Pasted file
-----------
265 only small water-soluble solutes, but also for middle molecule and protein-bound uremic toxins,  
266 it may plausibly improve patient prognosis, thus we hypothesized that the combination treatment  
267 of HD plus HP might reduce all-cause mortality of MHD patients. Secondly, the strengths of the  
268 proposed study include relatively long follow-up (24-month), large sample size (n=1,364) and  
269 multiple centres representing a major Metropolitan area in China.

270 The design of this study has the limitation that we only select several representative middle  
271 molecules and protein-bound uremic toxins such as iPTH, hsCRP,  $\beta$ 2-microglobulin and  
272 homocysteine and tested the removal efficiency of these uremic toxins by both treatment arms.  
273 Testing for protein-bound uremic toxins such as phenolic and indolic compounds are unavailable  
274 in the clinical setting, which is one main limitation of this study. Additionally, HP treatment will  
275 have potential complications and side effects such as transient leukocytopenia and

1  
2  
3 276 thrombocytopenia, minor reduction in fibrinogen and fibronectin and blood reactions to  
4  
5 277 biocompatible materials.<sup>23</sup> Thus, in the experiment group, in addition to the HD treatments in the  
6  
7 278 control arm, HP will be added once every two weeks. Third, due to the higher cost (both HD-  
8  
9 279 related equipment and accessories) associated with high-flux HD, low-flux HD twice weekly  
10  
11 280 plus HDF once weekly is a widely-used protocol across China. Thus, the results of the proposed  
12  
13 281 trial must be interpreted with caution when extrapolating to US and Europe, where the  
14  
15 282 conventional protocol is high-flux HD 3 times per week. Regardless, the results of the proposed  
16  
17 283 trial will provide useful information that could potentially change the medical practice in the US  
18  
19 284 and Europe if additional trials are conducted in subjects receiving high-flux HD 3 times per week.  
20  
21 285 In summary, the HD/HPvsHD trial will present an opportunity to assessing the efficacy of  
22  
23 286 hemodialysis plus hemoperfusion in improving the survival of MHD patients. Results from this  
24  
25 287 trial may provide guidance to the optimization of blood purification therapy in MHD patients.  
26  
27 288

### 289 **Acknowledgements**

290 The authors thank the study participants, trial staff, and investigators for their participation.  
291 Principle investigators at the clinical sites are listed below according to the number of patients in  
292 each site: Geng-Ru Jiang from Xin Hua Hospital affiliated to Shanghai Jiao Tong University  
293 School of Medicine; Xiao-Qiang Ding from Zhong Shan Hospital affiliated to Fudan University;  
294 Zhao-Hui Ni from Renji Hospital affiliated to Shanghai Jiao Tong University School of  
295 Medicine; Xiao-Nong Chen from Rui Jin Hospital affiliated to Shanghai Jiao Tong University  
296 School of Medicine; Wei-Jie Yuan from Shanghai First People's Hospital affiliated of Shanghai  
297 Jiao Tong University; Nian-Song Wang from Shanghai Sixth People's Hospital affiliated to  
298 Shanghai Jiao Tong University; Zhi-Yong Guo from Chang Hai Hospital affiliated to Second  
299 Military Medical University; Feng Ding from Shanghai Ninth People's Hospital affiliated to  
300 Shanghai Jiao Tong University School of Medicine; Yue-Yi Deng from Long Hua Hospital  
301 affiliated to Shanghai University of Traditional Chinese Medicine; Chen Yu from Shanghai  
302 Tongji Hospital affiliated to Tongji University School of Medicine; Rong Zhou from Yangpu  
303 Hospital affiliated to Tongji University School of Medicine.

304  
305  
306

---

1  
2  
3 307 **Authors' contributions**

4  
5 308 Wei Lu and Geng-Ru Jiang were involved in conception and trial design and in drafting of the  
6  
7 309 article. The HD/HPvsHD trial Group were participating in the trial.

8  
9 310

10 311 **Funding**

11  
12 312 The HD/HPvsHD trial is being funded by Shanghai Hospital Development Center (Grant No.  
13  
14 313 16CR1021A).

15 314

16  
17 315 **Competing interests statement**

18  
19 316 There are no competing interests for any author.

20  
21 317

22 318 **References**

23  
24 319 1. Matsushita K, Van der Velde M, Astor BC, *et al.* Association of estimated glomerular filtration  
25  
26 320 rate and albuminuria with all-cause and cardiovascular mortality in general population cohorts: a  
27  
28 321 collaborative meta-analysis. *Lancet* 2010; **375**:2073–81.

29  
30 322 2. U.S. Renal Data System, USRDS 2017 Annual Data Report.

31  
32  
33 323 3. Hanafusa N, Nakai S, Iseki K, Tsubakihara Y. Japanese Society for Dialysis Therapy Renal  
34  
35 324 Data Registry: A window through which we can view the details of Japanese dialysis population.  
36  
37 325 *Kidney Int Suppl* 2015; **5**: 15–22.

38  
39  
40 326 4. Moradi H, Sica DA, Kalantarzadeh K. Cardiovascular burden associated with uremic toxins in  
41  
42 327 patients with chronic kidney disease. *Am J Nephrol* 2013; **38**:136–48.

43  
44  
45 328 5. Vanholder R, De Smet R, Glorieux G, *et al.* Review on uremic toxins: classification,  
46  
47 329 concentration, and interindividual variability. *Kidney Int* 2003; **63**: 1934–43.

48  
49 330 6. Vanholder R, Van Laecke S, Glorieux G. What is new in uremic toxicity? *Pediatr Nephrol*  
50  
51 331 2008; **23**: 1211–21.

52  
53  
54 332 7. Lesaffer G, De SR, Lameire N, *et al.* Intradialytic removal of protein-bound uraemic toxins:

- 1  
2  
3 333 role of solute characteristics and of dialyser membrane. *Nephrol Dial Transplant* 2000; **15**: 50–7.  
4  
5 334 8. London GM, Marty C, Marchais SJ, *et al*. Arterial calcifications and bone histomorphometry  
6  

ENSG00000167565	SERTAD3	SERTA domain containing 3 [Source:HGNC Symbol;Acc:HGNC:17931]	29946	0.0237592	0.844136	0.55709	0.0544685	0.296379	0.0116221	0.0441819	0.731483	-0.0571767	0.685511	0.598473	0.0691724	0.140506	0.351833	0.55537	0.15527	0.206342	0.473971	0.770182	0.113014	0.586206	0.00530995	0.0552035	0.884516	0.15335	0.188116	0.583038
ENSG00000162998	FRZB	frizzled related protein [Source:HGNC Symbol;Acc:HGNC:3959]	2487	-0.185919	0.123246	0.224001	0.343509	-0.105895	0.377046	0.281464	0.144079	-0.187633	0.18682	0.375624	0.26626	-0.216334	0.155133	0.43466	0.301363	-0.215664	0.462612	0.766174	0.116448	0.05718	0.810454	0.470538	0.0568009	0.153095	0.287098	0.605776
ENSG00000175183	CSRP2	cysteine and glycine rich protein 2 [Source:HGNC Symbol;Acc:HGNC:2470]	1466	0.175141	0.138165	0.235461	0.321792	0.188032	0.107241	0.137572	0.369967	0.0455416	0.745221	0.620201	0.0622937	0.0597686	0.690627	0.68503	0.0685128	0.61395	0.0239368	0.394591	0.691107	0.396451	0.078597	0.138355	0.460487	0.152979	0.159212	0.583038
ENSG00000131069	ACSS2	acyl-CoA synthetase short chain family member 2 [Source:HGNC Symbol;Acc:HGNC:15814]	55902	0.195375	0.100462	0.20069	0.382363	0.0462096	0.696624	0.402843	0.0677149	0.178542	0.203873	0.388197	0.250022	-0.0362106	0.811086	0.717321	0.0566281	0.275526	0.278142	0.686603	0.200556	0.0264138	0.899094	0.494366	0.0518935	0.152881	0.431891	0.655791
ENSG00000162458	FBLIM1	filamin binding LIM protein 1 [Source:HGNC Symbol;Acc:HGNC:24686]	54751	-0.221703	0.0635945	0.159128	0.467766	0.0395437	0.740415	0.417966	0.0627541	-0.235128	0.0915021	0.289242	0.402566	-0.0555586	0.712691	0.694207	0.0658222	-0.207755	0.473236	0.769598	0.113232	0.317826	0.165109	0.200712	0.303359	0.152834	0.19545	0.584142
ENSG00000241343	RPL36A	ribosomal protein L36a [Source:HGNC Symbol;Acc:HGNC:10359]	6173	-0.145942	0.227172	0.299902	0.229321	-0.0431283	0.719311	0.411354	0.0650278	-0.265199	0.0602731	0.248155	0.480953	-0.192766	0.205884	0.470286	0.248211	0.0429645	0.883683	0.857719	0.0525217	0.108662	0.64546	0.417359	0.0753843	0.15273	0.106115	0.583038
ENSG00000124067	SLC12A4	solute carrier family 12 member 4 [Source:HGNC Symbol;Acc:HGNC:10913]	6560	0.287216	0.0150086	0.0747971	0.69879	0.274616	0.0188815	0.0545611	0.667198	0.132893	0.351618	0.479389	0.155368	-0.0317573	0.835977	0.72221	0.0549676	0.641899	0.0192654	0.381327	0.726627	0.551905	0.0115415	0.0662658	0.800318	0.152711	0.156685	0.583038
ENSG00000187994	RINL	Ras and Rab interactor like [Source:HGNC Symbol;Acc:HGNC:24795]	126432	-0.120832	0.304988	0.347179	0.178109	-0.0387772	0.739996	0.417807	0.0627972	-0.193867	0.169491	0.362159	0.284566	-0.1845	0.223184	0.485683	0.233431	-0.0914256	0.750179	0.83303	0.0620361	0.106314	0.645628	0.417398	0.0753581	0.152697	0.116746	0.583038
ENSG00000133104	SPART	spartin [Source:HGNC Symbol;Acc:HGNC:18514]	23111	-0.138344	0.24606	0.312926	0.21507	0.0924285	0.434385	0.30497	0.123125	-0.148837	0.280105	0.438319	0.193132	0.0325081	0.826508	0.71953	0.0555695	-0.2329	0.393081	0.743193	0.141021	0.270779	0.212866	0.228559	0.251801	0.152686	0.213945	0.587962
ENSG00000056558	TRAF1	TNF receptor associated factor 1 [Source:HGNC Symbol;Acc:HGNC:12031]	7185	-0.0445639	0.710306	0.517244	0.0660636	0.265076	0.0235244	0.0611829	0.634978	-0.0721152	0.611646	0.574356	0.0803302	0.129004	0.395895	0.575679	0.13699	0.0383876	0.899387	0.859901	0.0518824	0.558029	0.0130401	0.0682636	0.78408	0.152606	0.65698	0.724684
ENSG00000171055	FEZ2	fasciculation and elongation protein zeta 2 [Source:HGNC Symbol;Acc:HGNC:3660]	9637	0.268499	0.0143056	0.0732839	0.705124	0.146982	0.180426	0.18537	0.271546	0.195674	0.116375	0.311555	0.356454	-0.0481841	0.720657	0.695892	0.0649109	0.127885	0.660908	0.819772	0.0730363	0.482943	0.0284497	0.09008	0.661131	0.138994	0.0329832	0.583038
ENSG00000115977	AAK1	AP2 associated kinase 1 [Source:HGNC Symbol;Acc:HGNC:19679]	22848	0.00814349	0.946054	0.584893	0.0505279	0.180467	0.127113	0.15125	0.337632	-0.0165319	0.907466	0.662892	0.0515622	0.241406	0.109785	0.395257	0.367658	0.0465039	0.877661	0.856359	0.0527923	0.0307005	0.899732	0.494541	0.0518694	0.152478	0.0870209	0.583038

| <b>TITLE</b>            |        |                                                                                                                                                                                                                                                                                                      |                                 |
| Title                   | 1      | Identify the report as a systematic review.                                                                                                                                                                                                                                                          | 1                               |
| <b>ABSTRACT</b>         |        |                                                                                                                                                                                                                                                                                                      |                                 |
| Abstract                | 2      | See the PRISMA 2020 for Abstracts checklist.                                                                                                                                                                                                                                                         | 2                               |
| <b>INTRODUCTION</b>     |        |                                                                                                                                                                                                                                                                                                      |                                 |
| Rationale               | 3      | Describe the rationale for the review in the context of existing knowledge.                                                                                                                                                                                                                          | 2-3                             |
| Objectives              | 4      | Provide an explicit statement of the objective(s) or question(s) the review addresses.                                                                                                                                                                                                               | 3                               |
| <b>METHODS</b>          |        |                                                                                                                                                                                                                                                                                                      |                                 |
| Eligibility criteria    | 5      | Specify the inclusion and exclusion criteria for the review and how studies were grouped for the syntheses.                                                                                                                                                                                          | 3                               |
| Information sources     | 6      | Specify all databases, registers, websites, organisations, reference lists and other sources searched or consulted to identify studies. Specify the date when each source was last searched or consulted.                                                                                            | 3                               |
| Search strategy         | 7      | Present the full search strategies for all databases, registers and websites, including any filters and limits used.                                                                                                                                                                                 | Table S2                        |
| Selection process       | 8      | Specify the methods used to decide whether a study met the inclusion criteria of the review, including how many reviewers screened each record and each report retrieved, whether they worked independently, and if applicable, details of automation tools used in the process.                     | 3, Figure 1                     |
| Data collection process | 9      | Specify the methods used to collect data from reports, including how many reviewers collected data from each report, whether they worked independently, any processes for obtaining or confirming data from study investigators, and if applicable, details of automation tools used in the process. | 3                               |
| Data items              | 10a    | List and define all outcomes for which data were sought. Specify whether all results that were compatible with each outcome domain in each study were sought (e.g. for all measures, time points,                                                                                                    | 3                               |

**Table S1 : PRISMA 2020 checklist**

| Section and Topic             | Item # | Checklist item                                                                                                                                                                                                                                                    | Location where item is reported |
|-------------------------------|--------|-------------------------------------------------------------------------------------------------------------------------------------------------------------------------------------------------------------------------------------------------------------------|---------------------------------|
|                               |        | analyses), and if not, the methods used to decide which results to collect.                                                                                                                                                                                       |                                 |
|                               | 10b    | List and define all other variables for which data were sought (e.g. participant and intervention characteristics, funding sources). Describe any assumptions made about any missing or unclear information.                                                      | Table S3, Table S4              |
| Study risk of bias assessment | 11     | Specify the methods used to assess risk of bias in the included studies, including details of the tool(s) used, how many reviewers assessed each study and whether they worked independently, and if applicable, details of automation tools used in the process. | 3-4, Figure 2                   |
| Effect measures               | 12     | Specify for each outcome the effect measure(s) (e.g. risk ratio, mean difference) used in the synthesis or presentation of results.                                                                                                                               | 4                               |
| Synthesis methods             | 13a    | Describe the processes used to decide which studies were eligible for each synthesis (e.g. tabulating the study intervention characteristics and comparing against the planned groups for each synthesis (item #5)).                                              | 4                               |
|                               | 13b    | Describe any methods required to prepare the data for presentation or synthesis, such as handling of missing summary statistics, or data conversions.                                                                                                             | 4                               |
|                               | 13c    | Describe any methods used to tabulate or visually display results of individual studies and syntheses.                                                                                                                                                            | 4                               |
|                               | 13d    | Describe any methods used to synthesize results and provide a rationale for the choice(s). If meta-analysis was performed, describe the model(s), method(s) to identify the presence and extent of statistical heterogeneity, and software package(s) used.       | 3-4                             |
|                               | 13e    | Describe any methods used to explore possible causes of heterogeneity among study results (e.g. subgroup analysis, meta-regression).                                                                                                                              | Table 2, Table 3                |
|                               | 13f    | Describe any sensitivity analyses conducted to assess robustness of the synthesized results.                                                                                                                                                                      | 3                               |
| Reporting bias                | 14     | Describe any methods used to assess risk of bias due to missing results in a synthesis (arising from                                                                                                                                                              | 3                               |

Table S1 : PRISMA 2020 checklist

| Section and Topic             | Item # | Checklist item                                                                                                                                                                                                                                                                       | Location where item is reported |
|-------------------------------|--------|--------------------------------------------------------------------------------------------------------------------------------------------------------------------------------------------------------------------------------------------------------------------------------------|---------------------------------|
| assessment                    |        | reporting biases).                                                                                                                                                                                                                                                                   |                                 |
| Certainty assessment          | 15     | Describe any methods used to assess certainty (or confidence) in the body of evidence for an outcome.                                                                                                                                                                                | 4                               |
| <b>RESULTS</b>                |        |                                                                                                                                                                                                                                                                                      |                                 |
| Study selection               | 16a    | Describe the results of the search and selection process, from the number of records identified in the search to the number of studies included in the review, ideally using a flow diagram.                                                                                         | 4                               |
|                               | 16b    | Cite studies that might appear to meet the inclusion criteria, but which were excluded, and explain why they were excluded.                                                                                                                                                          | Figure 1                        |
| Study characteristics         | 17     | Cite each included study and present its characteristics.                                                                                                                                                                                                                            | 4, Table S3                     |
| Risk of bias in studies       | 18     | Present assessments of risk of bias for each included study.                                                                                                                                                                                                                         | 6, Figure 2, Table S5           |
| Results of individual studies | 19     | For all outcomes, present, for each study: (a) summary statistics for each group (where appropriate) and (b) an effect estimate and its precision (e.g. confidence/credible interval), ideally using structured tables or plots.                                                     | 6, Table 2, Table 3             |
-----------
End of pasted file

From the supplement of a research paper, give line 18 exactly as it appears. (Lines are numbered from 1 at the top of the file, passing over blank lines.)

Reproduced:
7 278 control arm, HP will be added once every two weeks. Third, due to the higher cost (both HD-  